The last day of “Resilience 2008", the international science and policy conference on sustainable development, was devoted to a policy dialogue with leading politicians, business representatives and scientists. Experts from an array of countries and across a number of disciplinary fields of research and policy met to discuss the policy implications of the scientific insights that had emerged during the course of the conference hosted in Stockholm, 14-17 April, 2008. The policy day was organised by Stockholm Resilience Centre in collaboration with the International Commission on Climate Change and Development, launched by the Swedish Government.
The aim of the Policy Day was twofold:
(1) To communicate the conclusions from the scientific community to policy makers and to stimulate policy makers to discuss issues related to resilience.
(2) to practice communicating complex ecological challenges to policy makers. These aims were addressed using a number of different techniques during the course of the day, including thematic workshops and “simulated speed dating" sessions. Politicians and other representatives from government, NGOs and business were exposed to the conclusions from the conference and were challenged to take necessary actions.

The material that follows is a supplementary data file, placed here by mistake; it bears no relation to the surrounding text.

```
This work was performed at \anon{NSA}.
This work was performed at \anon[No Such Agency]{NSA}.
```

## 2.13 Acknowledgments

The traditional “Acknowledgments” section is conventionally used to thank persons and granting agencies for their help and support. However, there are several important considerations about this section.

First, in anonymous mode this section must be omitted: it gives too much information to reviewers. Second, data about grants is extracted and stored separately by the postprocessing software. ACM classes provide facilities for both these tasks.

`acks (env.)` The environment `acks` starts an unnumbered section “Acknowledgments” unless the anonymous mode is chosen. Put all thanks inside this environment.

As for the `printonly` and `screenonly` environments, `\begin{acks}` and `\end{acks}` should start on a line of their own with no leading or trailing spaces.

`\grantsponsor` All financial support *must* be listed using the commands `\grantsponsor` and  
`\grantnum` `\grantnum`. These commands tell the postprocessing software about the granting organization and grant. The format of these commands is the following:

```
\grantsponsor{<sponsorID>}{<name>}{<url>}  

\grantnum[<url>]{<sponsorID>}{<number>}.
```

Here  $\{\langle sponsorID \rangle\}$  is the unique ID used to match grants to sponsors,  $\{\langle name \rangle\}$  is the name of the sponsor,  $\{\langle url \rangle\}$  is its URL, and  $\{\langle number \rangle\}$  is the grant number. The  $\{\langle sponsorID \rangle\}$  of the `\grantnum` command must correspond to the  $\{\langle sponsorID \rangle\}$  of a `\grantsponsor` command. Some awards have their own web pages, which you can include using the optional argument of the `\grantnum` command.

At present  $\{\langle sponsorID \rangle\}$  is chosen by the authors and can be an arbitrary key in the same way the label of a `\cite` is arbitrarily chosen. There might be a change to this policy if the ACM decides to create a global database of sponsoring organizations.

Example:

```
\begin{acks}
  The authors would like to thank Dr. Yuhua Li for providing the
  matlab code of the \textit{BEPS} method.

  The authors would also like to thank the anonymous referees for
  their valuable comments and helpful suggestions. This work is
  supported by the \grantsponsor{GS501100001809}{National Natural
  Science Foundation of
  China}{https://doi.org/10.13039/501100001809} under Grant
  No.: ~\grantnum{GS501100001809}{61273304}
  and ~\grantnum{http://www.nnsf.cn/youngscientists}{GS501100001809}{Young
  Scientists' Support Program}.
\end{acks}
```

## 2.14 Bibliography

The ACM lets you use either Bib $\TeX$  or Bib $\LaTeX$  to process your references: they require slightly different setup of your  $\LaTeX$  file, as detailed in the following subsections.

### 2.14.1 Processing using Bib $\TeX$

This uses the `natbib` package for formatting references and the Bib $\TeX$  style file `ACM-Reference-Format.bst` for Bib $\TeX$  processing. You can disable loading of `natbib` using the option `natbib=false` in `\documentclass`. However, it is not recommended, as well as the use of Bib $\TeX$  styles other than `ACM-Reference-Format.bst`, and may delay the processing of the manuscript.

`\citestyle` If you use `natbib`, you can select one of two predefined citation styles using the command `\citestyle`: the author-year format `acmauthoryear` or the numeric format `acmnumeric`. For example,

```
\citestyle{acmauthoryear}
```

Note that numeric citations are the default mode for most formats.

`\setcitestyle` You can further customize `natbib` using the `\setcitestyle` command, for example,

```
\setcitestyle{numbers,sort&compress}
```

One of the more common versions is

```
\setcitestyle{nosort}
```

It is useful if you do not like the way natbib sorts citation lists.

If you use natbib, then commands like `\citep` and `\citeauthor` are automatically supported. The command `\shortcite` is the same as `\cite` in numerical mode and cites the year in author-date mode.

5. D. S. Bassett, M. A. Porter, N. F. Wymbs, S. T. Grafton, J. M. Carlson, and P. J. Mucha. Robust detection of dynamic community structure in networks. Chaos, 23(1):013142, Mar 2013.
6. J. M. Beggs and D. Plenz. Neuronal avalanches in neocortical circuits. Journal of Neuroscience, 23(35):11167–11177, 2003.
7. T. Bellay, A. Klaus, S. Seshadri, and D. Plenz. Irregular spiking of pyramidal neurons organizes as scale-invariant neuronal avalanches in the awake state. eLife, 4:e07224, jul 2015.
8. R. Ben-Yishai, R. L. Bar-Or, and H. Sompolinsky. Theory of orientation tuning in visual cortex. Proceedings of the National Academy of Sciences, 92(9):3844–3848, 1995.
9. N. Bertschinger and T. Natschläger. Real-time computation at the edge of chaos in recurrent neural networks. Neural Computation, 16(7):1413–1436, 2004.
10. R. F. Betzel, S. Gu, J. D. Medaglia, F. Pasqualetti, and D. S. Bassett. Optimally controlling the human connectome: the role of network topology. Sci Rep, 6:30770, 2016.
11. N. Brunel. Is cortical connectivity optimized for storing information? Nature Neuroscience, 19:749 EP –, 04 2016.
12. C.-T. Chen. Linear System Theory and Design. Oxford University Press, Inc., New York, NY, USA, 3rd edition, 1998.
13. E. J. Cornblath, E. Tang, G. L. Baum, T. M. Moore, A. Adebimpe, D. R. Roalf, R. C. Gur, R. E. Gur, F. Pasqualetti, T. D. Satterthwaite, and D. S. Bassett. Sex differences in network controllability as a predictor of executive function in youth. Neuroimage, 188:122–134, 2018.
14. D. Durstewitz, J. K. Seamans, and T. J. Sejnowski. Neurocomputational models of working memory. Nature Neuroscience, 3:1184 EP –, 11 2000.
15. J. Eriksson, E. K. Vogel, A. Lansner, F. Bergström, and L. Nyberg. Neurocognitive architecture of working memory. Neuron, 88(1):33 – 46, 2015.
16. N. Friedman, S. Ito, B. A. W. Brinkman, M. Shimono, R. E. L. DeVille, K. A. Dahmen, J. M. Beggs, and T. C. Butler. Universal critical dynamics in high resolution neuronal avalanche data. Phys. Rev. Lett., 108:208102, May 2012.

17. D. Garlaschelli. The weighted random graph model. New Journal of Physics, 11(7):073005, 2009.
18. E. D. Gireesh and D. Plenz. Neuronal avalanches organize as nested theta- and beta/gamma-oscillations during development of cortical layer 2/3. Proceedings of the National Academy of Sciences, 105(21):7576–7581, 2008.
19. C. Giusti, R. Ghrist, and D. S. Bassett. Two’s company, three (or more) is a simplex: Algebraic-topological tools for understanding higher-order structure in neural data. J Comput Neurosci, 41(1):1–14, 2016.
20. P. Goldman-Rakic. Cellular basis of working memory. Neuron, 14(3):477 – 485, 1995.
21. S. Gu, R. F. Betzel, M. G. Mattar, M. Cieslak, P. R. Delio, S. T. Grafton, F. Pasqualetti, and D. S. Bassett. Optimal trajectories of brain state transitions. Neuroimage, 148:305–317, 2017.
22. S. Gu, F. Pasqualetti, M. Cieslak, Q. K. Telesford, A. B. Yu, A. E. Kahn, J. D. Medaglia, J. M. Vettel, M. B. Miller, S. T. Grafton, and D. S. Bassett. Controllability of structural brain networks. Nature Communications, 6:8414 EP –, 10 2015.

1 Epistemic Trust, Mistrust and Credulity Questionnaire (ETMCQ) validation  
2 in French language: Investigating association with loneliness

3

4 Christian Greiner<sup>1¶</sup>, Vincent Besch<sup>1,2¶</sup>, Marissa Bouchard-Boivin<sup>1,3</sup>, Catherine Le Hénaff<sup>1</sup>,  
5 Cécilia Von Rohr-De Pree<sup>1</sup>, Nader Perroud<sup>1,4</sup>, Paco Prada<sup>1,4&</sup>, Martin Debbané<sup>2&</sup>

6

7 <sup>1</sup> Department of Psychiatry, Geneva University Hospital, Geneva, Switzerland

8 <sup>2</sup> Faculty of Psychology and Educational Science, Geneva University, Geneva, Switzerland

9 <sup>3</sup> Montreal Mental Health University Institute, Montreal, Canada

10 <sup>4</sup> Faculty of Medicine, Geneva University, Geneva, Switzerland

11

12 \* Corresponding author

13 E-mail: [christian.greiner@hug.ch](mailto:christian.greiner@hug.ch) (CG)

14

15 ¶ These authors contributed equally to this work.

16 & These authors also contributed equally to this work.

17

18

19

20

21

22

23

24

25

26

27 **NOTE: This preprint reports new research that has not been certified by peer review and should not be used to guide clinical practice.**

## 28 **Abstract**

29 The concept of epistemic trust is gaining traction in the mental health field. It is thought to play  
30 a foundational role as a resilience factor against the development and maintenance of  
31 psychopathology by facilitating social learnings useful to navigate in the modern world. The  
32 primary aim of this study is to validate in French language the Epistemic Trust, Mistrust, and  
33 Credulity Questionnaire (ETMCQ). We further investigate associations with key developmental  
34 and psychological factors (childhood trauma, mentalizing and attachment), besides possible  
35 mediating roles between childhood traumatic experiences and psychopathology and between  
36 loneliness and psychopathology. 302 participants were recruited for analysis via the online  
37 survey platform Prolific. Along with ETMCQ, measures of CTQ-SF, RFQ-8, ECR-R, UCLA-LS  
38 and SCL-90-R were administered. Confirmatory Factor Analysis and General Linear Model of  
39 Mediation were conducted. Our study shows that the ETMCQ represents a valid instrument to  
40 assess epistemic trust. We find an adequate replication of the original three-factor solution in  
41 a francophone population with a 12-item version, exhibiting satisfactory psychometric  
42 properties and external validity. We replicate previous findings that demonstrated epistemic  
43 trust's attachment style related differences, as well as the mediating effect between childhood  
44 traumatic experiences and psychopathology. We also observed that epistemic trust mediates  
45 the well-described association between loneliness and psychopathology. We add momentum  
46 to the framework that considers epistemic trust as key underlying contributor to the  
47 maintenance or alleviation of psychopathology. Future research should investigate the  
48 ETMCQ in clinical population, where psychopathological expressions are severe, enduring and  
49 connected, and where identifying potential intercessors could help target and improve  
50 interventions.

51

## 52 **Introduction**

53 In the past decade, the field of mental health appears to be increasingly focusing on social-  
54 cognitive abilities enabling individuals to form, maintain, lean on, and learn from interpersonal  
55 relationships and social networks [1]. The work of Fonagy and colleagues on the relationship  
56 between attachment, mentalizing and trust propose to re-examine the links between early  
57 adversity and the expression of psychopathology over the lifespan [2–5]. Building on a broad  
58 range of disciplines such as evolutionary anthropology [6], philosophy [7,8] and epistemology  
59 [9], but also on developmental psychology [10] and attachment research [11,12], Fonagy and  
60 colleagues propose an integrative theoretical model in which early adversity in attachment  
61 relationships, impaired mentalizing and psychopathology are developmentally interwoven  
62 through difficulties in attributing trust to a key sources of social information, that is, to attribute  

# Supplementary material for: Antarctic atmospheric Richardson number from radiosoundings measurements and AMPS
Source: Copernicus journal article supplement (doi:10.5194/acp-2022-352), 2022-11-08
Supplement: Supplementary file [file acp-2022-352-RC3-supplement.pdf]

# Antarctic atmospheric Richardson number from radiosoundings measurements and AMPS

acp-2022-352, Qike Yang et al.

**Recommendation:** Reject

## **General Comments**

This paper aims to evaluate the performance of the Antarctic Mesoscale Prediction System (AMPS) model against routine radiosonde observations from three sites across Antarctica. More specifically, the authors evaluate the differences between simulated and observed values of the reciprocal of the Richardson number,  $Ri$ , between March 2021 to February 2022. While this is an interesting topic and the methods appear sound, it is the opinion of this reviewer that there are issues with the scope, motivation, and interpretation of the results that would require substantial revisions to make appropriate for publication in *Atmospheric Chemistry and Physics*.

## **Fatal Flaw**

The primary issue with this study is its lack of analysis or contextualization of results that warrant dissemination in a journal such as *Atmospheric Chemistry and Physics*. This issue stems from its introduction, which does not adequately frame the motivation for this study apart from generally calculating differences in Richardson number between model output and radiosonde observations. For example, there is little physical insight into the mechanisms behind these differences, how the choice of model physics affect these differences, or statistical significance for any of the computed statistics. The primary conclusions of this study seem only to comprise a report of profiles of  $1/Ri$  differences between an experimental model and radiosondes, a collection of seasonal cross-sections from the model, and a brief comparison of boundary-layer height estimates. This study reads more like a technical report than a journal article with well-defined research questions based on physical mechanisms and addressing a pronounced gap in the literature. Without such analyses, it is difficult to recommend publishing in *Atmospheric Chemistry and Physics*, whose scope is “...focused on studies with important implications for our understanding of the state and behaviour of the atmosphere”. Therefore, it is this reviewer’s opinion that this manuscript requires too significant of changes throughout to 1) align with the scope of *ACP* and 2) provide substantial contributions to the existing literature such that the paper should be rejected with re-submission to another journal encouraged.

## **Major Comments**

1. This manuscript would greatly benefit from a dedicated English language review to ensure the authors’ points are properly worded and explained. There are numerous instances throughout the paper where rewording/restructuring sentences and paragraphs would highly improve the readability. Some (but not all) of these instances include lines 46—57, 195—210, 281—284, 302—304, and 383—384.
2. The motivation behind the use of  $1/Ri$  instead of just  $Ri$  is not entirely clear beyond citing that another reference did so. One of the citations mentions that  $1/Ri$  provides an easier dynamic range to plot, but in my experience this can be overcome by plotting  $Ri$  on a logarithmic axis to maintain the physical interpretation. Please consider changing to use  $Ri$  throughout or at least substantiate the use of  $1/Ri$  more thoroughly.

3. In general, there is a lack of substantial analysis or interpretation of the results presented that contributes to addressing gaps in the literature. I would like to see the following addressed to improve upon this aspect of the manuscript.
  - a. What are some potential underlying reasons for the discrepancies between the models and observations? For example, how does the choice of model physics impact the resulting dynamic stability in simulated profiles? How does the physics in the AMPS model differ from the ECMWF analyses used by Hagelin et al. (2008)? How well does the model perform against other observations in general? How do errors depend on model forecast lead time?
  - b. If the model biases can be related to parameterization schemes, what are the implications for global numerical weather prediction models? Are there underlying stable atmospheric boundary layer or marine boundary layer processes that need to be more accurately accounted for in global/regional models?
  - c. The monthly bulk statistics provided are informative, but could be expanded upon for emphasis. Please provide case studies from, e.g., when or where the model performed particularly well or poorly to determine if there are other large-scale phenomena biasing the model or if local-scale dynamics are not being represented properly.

Last but not least, a concluding panel discussion took place to examine how science and policy can work together to meet the sustainability challenge of eroding resilience in social-ecological systems around the world. Towards the end, the panel was asked to present their vision for a future of sustainable development, and a first step towards achieving this vision. This question resulted in visions of 350 ppm of CO2 in the atmosphere, zero impact of consumption on the environment, and a world in which all nations work together and where policy and science build on each other. Some of the first steps included making the UNEP into a powerful actor for global governance, mobilizing Nordic countries to take the lead in sustainable development, and the launch of the 350-campaign.
Finally, the resilience science community was invited to the European parliament and to the Swedish parliament to hold workshops on resilience.
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